This National Film Unit travelogue, produced for the NZ Government Department of Tourist and Health Resorts, finds post-war Auckland basking in sunshine. Flowers bloom in parks and gardens, city streets bustle and public swimming pools are packed. Trams and flying boats are a reminder of a by-gone era in the city's transportation while a rug factory is a colourful if unexpected inclusion. Last stop is a visit to Kawau Island — home of Governor Grey's Mansion House — where the sun also shines and aquaplaning, sports and bush walks are the order of the day.
In this two-part Lookout documentary from 1983, critic Hamish Keith explores how New Zealanders have housed themselves over the 20th Century. This first part builds to 1935: it begins in Auckland War Memorial Museum, with Keith asking how Kiwis would represent themselves if they were curators in the future. He presents the state house as the paramount Kiwi icon, and examines the journey from Victorian slums and Queen Street sewers to villas, bungalows and suburbia; plus the impact on housing of cars, consumerism, influenza, war, depression, and new ideas in town planning.
This was the 24th edition of New Zealand Mirror, a National Film Unit series promoting NZ to British audiences in the 1950s. The first clip, on rugby's Ranfurly Shield, was deemed “too topical” by the UK distributor, and cut from later editions. The clip in question captures the colour of the national obsession (knuckle bones, livestock parades) at Athletic Park, where Taranaki challenge shield holders Wellington. It was later seen in NZ theatres as a short, playing with 1982 rugby tale Carry Me Back. The latter segments show Kaiapoi ploughing, and Wairakei thermal energy.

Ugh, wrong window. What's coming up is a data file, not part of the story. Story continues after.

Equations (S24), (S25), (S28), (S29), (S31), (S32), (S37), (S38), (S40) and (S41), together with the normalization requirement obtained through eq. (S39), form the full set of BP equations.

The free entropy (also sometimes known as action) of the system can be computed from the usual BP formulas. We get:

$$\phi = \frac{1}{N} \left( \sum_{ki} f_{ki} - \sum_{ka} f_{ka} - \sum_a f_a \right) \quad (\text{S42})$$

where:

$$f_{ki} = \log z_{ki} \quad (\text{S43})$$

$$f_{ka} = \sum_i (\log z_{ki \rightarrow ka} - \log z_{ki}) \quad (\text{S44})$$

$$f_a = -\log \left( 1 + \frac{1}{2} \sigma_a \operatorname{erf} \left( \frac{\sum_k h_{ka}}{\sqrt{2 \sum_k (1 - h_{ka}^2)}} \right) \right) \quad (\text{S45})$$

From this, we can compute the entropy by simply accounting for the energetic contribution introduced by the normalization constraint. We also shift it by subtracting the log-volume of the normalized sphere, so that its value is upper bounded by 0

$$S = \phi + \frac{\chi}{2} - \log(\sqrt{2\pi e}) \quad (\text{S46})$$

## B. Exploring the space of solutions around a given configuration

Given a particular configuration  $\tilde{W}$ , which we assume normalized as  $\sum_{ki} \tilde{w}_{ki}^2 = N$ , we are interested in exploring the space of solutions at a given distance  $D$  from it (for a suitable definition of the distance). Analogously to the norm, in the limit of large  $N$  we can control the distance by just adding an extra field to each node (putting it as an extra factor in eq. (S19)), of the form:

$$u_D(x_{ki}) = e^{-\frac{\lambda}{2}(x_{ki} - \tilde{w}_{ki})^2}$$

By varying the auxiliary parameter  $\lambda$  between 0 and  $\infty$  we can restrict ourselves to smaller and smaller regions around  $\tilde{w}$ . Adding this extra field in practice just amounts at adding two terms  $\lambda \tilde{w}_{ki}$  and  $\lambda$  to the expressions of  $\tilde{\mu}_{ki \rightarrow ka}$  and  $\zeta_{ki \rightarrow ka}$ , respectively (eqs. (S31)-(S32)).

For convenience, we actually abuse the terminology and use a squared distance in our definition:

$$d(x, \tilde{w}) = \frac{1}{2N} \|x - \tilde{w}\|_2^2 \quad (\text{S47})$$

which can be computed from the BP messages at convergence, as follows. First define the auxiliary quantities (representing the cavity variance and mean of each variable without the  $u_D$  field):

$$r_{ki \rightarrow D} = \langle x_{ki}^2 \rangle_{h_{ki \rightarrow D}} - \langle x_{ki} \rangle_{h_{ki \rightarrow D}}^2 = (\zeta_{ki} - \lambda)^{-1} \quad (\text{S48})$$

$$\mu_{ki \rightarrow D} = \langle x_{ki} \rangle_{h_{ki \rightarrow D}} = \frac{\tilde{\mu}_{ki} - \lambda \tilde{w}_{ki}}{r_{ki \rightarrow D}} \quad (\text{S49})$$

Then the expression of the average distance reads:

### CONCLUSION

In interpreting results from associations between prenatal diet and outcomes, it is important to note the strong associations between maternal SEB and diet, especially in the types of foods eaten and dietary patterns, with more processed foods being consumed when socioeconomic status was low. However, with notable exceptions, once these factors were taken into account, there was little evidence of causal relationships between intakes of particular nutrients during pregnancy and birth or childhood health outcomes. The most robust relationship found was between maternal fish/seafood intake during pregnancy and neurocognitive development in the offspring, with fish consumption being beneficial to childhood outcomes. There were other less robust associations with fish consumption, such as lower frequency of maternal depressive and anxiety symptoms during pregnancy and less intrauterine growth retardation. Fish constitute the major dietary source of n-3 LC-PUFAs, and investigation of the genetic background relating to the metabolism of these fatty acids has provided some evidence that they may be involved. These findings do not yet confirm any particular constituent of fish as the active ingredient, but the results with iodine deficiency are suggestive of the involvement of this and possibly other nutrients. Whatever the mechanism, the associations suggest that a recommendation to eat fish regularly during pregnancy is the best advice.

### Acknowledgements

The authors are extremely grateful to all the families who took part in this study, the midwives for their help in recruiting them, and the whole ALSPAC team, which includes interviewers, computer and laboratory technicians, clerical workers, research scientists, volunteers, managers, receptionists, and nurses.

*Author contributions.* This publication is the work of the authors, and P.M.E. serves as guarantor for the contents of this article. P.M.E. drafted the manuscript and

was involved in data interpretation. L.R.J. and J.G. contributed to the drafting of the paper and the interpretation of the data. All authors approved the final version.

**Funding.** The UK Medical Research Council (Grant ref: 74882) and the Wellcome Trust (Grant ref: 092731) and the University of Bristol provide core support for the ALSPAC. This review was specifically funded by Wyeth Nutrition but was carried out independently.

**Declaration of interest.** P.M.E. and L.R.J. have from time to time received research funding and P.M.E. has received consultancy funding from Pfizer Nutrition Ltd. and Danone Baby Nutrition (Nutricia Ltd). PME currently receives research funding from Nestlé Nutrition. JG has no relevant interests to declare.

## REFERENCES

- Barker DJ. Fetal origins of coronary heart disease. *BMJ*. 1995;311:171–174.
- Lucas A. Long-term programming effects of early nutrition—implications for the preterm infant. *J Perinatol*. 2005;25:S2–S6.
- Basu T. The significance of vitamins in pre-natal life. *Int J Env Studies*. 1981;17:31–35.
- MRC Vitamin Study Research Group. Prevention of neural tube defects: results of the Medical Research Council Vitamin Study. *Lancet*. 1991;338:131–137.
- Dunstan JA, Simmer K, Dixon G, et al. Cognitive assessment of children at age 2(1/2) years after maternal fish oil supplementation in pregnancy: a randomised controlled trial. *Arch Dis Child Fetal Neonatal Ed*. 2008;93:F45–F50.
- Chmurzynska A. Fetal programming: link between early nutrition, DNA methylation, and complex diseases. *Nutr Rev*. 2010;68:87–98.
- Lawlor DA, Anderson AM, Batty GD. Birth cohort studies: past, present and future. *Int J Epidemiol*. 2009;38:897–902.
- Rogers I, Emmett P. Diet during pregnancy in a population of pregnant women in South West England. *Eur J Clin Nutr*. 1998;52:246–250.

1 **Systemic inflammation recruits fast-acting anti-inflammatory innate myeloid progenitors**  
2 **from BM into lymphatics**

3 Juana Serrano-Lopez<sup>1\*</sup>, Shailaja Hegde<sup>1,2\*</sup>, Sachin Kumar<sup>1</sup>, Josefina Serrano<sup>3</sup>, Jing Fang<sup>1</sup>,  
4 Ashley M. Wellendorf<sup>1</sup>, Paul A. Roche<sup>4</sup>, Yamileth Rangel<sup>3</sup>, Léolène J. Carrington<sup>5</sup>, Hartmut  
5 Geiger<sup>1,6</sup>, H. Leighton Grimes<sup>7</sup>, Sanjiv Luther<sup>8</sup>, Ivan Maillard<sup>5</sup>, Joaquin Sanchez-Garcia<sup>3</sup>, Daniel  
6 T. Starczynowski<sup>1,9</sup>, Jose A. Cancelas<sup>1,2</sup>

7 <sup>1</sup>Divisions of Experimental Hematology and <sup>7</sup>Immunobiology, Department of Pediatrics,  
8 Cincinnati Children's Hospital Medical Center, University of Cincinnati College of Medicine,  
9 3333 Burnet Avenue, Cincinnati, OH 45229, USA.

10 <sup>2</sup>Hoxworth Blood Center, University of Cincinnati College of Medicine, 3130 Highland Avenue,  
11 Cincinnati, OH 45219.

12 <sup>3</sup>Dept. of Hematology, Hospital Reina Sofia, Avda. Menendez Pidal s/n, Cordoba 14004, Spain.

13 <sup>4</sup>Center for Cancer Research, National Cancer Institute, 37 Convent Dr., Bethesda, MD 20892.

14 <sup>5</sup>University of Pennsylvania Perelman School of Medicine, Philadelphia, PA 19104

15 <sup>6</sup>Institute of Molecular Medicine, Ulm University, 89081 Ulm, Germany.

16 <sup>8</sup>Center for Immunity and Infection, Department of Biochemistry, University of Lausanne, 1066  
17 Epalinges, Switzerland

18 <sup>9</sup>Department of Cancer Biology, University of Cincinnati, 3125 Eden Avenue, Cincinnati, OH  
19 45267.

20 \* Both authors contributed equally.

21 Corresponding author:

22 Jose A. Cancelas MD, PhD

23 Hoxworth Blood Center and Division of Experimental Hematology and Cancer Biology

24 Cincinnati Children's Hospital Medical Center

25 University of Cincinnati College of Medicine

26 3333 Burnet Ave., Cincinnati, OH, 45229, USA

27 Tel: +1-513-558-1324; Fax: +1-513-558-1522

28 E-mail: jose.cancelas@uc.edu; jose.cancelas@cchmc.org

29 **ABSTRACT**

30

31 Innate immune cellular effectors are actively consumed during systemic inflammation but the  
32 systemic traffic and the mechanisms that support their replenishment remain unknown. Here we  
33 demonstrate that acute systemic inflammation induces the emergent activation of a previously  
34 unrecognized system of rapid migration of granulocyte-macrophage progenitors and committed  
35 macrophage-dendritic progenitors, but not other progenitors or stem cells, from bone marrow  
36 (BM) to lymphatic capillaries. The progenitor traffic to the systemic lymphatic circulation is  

The Italian Job meets cheap jugs and a student union gig in this early heist tale from Geoff Murphy (Goodbye Pork Pie). The plot follows some university students — short on exam fees and beer money — and their scheme to crack a campus safe. Murphy enlisted $4000 and a bevy of mates (including Bruno Lawrence in one of his earliest screen roles), and made it over nine months of weekends. It sold to local television (as well as the ABC in Australia). Its deliberately low key, naturalistic acting stood in stark contrast to the stage-influenced television dramas of the time.
This June 2013 edition of the TVNZ Pasifika youth show is presented by actor Robbie Magasiva from his base in Melbourne, where he has a role in Australian prison drama Wentworth. Elsewhere the Poly-plethora includes a visit by Pani (Goretti Chadwick) to Armageddon Expo in Hamilton to meet Game of Thrones actor Jason Momoa. Pani makes the hard man with Hawaiian heritage blush, and gets the lowdown on his mako tatau. Niuean artist Kenneth Green also talks about his tattoo; Tiger and Raa visit the school principal; and reggae band Brownhill close with ‘First Love’.
This NFU public safety film takes a jaunty approach to a serious subject as it shows road crossing dangers via bad examples. Mis-steps include walking off the footpath carelessly, crossing the road at oblique angles, 'dithering', and over-confidence. The humour may be physical and the narration pun-filled, but the lessons remain relevant, as pedestrian accidents on Wellington's and Auckland's 21st Century city bus lanes attest. Despite the big question promise of the title there is no Socratic dialogue about crossing the road or any consideration of chickens.
Merv Smith, QSM, hosted a top-rating 1ZB breakfast radio slot for 26 years. His on-screen work also spanned decades. In 1957 he was part of a public demonstration of the new medium of television. After TV launched locally in the 1960s, Smith hosted variety shows and read news reports on the Wahine disaster. In the 70s he hosted game show Pop the Question and acted on The Mackenzie Affair (as a sheep rustler). Alongside work as a narrator, he lent his voice talents to award-winning short Aphrodite's Farm, and animated shows Buzzy Bee and Friends and Buzz & Poppy. Smith died on 24 September 2018. He was 85.